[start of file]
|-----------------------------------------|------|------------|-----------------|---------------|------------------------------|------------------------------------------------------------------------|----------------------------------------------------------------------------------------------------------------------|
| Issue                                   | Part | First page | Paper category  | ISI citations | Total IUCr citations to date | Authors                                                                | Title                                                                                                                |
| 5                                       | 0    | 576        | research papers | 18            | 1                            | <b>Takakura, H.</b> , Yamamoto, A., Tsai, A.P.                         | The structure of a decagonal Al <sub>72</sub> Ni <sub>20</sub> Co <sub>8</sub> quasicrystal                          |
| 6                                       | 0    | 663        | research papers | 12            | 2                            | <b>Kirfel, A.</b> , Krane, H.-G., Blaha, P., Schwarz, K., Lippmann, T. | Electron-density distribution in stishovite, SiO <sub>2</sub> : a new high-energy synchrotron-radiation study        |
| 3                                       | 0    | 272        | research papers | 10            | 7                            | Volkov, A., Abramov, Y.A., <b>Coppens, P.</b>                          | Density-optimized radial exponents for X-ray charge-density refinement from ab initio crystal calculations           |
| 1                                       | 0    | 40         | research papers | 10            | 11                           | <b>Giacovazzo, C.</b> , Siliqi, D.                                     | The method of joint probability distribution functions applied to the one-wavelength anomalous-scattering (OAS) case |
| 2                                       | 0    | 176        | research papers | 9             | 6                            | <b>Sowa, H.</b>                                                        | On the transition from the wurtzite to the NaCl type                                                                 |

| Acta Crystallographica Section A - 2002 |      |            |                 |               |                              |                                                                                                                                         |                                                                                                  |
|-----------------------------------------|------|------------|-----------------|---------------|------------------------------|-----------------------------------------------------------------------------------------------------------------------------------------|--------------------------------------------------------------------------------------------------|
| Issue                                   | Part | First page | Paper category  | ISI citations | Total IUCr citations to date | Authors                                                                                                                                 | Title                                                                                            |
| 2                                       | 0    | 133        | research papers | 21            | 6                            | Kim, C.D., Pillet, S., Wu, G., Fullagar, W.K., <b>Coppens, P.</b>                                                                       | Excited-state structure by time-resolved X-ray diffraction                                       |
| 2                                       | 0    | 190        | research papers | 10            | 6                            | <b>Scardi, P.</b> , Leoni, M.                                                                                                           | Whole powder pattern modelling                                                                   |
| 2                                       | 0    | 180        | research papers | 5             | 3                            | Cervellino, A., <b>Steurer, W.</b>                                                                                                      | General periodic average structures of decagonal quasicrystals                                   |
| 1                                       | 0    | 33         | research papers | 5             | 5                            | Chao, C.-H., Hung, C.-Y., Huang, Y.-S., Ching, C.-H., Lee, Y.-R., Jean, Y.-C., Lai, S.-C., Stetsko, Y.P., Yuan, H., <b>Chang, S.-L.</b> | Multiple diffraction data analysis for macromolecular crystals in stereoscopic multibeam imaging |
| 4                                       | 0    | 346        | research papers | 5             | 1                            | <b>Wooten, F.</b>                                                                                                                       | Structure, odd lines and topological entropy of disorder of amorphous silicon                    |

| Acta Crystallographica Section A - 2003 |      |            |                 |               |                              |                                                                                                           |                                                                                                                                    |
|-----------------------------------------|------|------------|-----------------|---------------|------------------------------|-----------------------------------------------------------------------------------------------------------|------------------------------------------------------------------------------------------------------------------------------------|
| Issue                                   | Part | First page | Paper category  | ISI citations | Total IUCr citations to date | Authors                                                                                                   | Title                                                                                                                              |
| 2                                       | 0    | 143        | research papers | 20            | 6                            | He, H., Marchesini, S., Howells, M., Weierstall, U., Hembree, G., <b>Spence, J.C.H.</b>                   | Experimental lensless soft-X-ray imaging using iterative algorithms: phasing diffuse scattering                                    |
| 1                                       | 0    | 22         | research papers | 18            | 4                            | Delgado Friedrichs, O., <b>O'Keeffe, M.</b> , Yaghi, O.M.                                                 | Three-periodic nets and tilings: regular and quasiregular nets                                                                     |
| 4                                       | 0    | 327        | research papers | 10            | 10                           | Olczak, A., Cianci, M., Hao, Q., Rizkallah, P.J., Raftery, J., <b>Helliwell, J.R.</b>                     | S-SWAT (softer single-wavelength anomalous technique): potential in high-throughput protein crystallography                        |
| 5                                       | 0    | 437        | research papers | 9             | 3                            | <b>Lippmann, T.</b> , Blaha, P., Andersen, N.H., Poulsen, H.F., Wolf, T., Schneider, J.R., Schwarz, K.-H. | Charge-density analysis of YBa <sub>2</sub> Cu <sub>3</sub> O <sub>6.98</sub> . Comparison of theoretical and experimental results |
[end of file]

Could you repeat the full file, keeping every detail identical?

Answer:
|-----------------------------------------|------|------------|-----------------|---------------|------------------------------|------------------------------------------------------------------------|----------------------------------------------------------------------------------------------------------------------|
| Issue                                   | Part | First page | Paper category  | ISI citations | Total IUCr citations to date | Authors                                                                | Title                                                                                                                |
| 5                                       | 0    | 576        | research papers | 18            | 1                            | <b>Takakura, H.</b> , Yamamoto, A., Tsai, A.P.                         | The structure of a decagonal Al <sub>72</sub> Ni <sub>20</sub> Co <sub>8</sub> quasicrystal                          |
| 6                                       | 0    | 663        | research papers | 12            | 2                            | <b>Kirfel, A.</b> , Krane, H.-G., Blaha, P., Schwarz, K., Lippmann, T. | Electron-density distribution in stishovite, SiO <sub>2</sub> : a new high-energy synchrotron-radiation study        |
| 3                                       | 0    | 272        | research papers | 10            | 7                            | Volkov, A., Abramov, Y.A., <b>Coppens, P.</b>                          | Density-optimized radial exponents for X-ray charge-density refinement from ab initio crystal calculations           |
| 1                                       | 0    | 40         | research papers | 10            | 11                           | <b>Giacovazzo, C.</b> , Siliqi, D.                                     | The method of joint probability distribution functions applied to the one-wavelength anomalous-scattering (OAS) case |
| 2                                       | 0    | 176        | research papers | 9             | 6                            | <b>Sowa, H.</b>                                                        | On the transition from the wurtzite to the NaCl type                                                                 |

| Acta Crystallographica Section A - 2002 |      |            |                 |               |                              |                                                                                                                                         |                                                                                                  |
|-----------------------------------------|------|------------|-----------------|---------------|------------------------------|-----------------------------------------------------------------------------------------------------------------------------------------|--------------------------------------------------------------------------------------------------|
| Issue                                   | Part | First page | Paper category  | ISI citations | Total IUCr citations to date | Authors                                                                                                                                 | Title                                                                                            |
| 2                                       | 0    | 133        | research papers | 21            | 6                            | Kim, C.D., Pillet, S., Wu, G., Fullagar, W.K., <b>Coppens, P.</b>                                                                       | Excited-state structure by time-resolved X-ray diffraction                                       |
| 2                                       | 0    | 190        | research papers | 10            | 6                            | <b>Scardi, P.</b> , Leoni, M.                                                                                                           | Whole powder pattern modelling                                                                   |
| 2                                       | 0    | 180        | research papers | 5             | 3                            | Cervellino, A., <b>Steurer, W.</b>                                                                                                      | General periodic average structures of decagonal quasicrystals                                   |
| 1                                       | 0    | 33         | research papers | 5             | 5                            | Chao, C.-H., Hung, C.-Y., Huang, Y.-S., Ching, C.-H., Lee, Y.-R., Jean, Y.-C., Lai, S.-C., Stetsko, Y.P., Yuan, H., <b>Chang, S.-L.</b> | Multiple diffraction data analysis for macromolecular crystals in stereoscopic multibeam imaging |
| 4                                       | 0    | 346        | research papers | 5             | 1                            | <b>Wooten, F.</b>                                                                                                                       | Structure, odd lines and topological entropy of disorder of amorphous silicon                    |

| Acta Crystallographica Section A - 2003 |      |            |                 |               |                              |                                                                                                           |                                                                                                                                    |
|-----------------------------------------|------|------------|-----------------|---------------|------------------------------|-----------------------------------------------------------------------------------------------------------|------------------------------------------------------------------------------------------------------------------------------------|
| Issue                                   | Part | First page | Paper category  | ISI citations | Total IUCr citations to date | Authors                                                                                                   | Title                                                                                                                              |
| 2                                       | 0    | 143        | research papers | 20            | 6                            | He, H., Marchesini, S., Howells, M., Weierstall, U., Hembree, G., <b>Spence, J.C.H.</b>                   | Experimental lensless soft-X-ray imaging using iterative algorithms: phasing diffuse scattering                                    |
| 1                                       | 0    | 22         | research papers | 18            | 4                            | Delgado Friedrichs, O., <b>O'Keeffe, M.</b> , Yaghi, O.M.                                                 | Three-periodic nets and tilings: regular and quasiregular nets                                                                     |
| 4                                       | 0    | 327        | research papers | 10            | 10                           | Olczak, A., Cianci, M., Hao, Q., Rizkallah, P.J., Raftery, J., <b>Helliwell, J.R.</b>                     | S-SWAT (softer single-wavelength anomalous technique): potential in high-throughput protein crystallography                        |
| 5                                       | 0    | 437        | research papers | 9             | 3                            | <b>Lippmann, T.</b> , Blaha, P., Andersen, N.H., Poulsen, H.F., Wolf, T., Schneider, J.R., Schwarz, K.-H. | Charge-density analysis of YBa <sub>2</sub> Cu <sub>3</sub> O <sub>6.98</sub> . Comparison of theoretical and experimental results |